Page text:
• By Dana Sparks

Sharing Mayo Clinic: “Don’t follow your dreams, lead them”

May 12, 2019

Editor's note: What began in high school as a hobby combining poetry and music soon became a passion for Alexander Ou. He now uses that platform to convey important messages. Alexander, who works in Mayo Clinic's Department of Human Resources by day and is a hip-hop artist by night, shares his story of overcoming criticism for pursuing his passion and staying committed to his goals. His commitment extends not only to his music, but also to his career at Mayo Clinic. 


By Alexander Ou

I am a Cambodian American hip-hop artist born and raised in Rochester, Minnesota. I am a father of four — three sons and one daughter. I started creating music when I was 14 and have done so for the last 17 years.

I lived in Bloomington, Minnesota, for a few years because it was closer to the airport. I was traveling almost every weekend for shows throughout the country and sometimes even overseas.

When I had my third child, I decided to move back to Rochester. I needed more of a steady income to support my family. I found a position at Charter House that I enjoyed and that was flexible with my schedule.

At the annual high school career festival that Mayo Clinic hosts, I was asked to represent Charter House at our booth. During the festival, I was approached by students familiar with my music. I took this opportunity to inform them about Charter House and the positions available. This led to a number of new hires at Charter House.

At the following year's festival, we had a representative from Mayo Clinic Human Resources assist with on-site applications. Similar to the previous year, I was approached by students, and I pitched Charter House's opportunities. Our Human Resources representative noticed this, and she informed me that there was an opening in Human Resources for a limited-tenure position as an administrative assistant. I took the position. A year or so later, a full-time position opened. Now here I am as a full-time Human Resources coordinator.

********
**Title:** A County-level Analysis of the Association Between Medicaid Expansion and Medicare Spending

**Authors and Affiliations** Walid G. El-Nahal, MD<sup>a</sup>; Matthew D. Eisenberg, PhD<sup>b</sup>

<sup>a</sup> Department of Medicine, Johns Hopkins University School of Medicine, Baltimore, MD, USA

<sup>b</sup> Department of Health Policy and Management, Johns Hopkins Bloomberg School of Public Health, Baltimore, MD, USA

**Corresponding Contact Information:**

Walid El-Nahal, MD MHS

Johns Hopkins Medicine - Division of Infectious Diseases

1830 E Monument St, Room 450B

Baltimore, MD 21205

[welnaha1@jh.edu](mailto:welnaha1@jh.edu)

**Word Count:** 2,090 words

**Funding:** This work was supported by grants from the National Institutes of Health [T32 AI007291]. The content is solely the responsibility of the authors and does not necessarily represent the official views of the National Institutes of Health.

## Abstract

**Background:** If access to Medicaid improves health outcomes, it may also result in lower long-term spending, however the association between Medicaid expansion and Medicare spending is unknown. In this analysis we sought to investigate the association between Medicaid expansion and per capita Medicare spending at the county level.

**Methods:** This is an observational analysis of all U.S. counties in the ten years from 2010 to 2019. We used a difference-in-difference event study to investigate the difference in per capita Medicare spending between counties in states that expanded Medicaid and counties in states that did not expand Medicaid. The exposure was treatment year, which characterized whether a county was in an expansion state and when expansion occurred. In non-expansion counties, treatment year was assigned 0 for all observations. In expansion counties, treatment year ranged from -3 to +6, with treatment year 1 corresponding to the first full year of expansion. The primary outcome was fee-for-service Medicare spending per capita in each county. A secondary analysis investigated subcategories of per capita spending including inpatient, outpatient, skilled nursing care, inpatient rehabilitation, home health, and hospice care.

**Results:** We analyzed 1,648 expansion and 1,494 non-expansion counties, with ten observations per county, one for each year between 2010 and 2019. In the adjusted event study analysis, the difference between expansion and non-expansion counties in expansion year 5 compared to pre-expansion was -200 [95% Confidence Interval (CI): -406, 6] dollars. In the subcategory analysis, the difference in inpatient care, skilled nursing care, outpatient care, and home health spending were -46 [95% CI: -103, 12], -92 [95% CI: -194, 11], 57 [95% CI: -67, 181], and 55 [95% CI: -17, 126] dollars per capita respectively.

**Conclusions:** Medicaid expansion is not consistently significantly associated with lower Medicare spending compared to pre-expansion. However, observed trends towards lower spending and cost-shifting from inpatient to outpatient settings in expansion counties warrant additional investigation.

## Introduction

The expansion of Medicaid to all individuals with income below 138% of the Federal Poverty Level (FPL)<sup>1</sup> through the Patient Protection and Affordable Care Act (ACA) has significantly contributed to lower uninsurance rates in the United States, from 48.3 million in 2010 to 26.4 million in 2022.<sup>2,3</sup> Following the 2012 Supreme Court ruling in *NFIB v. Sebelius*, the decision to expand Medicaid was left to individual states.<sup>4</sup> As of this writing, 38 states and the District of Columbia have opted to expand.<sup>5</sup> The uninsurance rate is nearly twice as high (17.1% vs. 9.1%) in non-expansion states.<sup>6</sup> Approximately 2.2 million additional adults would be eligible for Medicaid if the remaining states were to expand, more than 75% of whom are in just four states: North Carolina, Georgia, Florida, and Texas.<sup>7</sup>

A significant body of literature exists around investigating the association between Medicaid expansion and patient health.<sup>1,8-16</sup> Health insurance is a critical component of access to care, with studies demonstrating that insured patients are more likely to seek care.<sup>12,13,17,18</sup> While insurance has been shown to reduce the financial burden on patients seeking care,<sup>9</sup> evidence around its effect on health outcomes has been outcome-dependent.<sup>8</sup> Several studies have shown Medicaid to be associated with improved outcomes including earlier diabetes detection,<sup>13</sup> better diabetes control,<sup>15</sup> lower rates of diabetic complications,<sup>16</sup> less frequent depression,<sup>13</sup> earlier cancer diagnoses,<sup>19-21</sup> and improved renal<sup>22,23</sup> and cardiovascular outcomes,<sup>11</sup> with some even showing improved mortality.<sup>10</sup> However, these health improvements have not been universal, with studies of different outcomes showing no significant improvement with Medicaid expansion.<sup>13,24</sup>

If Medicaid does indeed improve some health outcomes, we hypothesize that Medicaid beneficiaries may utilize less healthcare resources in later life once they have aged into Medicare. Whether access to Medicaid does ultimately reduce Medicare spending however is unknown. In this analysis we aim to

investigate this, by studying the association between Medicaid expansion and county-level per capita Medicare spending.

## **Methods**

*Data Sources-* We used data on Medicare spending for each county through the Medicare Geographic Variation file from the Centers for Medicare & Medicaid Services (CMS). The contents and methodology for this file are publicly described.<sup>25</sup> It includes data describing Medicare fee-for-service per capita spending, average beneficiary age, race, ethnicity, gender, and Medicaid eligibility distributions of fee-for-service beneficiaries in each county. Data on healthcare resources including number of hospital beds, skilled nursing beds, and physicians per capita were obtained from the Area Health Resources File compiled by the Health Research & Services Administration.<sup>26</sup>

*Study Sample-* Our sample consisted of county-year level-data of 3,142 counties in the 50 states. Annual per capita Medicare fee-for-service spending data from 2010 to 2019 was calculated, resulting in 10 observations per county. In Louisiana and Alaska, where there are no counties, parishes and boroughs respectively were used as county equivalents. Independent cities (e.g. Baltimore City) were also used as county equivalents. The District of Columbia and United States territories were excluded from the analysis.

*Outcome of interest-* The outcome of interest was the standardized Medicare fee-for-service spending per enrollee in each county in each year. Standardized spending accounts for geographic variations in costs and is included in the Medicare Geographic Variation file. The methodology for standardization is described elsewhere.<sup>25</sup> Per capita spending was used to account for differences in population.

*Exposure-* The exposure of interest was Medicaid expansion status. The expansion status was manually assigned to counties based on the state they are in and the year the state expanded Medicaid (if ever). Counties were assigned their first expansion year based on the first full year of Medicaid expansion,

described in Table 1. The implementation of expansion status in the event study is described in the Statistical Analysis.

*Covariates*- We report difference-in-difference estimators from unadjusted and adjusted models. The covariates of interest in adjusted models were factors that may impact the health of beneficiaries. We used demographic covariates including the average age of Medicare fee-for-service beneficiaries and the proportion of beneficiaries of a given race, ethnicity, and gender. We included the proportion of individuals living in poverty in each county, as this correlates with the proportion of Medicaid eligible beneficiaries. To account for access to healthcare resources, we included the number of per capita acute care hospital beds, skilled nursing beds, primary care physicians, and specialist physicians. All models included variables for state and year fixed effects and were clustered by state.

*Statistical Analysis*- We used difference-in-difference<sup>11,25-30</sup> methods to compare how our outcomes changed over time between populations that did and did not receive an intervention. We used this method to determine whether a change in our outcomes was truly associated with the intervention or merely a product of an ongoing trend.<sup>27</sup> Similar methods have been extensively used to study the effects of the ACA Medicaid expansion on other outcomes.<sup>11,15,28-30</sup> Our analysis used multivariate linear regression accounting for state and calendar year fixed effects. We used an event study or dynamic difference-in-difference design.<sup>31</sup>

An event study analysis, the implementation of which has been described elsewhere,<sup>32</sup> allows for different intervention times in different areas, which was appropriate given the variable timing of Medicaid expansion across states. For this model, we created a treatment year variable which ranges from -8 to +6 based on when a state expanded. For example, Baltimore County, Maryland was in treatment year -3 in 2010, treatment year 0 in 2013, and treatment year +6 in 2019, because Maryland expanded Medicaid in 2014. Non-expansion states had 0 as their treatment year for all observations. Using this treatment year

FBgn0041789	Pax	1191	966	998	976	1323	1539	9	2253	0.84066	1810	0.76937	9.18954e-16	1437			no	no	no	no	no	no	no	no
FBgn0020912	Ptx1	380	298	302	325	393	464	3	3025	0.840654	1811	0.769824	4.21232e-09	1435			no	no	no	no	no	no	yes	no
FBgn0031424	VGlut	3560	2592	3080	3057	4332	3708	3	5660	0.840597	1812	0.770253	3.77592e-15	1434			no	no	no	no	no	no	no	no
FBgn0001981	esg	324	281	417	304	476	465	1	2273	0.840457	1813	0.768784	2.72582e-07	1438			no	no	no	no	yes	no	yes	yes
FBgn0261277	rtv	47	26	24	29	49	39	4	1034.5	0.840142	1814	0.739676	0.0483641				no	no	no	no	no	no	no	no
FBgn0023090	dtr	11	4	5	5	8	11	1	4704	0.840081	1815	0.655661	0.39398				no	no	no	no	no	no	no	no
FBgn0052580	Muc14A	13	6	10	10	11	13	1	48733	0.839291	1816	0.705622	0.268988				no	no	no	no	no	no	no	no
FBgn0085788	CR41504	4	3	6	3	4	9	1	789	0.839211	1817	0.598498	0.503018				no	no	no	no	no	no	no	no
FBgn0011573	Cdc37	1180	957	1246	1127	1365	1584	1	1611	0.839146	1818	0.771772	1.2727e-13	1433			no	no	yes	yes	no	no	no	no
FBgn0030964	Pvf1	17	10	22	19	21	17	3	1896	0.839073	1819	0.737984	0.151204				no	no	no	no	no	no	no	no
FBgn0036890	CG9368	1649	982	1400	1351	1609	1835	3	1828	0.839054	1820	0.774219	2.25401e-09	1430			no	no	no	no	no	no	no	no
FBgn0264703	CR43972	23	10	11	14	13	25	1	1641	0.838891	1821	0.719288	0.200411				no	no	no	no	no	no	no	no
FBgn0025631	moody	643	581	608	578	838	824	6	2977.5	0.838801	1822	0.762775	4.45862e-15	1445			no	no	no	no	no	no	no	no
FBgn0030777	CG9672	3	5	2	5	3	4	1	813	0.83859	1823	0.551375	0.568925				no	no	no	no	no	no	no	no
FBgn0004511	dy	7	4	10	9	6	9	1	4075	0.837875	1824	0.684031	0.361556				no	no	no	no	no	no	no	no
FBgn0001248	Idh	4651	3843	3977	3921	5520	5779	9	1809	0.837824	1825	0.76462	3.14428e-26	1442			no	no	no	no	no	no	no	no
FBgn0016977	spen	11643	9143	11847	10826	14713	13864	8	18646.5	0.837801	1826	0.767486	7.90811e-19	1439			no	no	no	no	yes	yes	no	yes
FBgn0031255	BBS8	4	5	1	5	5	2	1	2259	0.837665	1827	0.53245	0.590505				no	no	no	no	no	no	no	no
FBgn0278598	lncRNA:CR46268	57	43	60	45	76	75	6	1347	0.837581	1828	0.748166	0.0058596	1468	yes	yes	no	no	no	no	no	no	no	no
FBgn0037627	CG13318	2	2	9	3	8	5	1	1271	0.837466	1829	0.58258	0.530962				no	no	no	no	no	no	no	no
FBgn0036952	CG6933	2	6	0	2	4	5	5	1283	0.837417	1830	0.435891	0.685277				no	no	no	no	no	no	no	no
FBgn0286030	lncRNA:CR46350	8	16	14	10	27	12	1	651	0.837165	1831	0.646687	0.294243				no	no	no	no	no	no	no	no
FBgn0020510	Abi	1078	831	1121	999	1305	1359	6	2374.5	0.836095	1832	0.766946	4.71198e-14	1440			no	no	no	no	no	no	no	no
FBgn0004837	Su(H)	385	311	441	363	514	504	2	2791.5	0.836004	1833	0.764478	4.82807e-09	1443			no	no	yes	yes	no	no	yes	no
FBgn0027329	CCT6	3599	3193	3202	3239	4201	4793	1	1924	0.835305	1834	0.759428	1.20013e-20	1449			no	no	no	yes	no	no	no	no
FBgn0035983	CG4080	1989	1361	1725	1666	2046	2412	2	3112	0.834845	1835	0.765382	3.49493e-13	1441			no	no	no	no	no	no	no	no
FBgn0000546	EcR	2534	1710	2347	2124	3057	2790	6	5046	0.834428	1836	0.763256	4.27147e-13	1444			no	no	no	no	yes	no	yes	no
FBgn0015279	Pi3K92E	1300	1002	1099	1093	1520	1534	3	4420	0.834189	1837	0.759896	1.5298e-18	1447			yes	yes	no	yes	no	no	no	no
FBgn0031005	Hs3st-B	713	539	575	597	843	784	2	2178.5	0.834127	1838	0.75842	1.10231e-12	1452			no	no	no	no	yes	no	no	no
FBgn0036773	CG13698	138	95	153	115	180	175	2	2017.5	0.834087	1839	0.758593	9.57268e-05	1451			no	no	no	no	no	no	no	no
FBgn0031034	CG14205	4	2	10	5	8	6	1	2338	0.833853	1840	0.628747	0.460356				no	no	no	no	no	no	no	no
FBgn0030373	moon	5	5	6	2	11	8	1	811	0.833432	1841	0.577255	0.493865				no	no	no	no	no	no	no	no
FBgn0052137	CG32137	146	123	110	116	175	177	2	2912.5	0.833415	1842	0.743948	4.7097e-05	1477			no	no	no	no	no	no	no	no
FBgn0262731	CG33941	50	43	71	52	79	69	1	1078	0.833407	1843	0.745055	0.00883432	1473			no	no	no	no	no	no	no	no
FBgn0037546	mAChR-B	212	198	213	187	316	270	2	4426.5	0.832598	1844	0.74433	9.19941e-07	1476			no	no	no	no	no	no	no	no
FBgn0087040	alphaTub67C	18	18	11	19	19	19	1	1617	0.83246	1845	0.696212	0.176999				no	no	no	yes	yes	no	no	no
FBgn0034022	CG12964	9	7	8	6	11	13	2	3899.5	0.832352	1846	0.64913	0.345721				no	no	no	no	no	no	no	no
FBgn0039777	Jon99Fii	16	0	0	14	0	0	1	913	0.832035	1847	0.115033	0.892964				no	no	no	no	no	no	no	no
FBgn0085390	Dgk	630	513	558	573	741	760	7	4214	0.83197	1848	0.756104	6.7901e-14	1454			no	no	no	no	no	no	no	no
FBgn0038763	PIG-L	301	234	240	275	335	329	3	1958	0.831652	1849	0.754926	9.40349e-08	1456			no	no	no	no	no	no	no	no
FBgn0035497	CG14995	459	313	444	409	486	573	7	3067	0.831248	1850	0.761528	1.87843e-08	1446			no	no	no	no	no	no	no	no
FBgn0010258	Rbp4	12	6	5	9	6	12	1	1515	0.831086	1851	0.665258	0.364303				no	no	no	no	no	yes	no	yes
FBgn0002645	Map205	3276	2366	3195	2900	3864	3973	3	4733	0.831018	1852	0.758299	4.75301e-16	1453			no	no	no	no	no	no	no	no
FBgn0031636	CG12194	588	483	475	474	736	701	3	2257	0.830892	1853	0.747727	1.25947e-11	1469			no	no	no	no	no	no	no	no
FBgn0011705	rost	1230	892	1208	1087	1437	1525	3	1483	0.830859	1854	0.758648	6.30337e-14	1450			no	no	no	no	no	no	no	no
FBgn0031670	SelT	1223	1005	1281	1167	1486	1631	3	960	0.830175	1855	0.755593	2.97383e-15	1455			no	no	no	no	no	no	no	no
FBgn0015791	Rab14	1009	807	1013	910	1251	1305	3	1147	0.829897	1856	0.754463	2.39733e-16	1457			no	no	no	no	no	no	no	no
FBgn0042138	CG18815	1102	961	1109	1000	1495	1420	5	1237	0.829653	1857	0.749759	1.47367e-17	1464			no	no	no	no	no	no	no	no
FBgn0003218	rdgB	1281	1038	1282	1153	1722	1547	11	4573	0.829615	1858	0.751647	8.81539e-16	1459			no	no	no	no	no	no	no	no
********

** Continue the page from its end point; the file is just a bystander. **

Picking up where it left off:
"We all have dreams, but none of them becomes reality until you wake up and take it into your own hands." Alexander Ou

As for my hip-hop career, I originally started writing poetry when I was 13 years old. The very first poem I wrote was called "Day 911" and was written on Sept. 11, 2001, about the terrorist attacks. I showed a friend, and she showed it to our teacher. This caused a snowball effect. Read the rest of the story.
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This article originally appeared on the Sharing Mayo Clinic blog.

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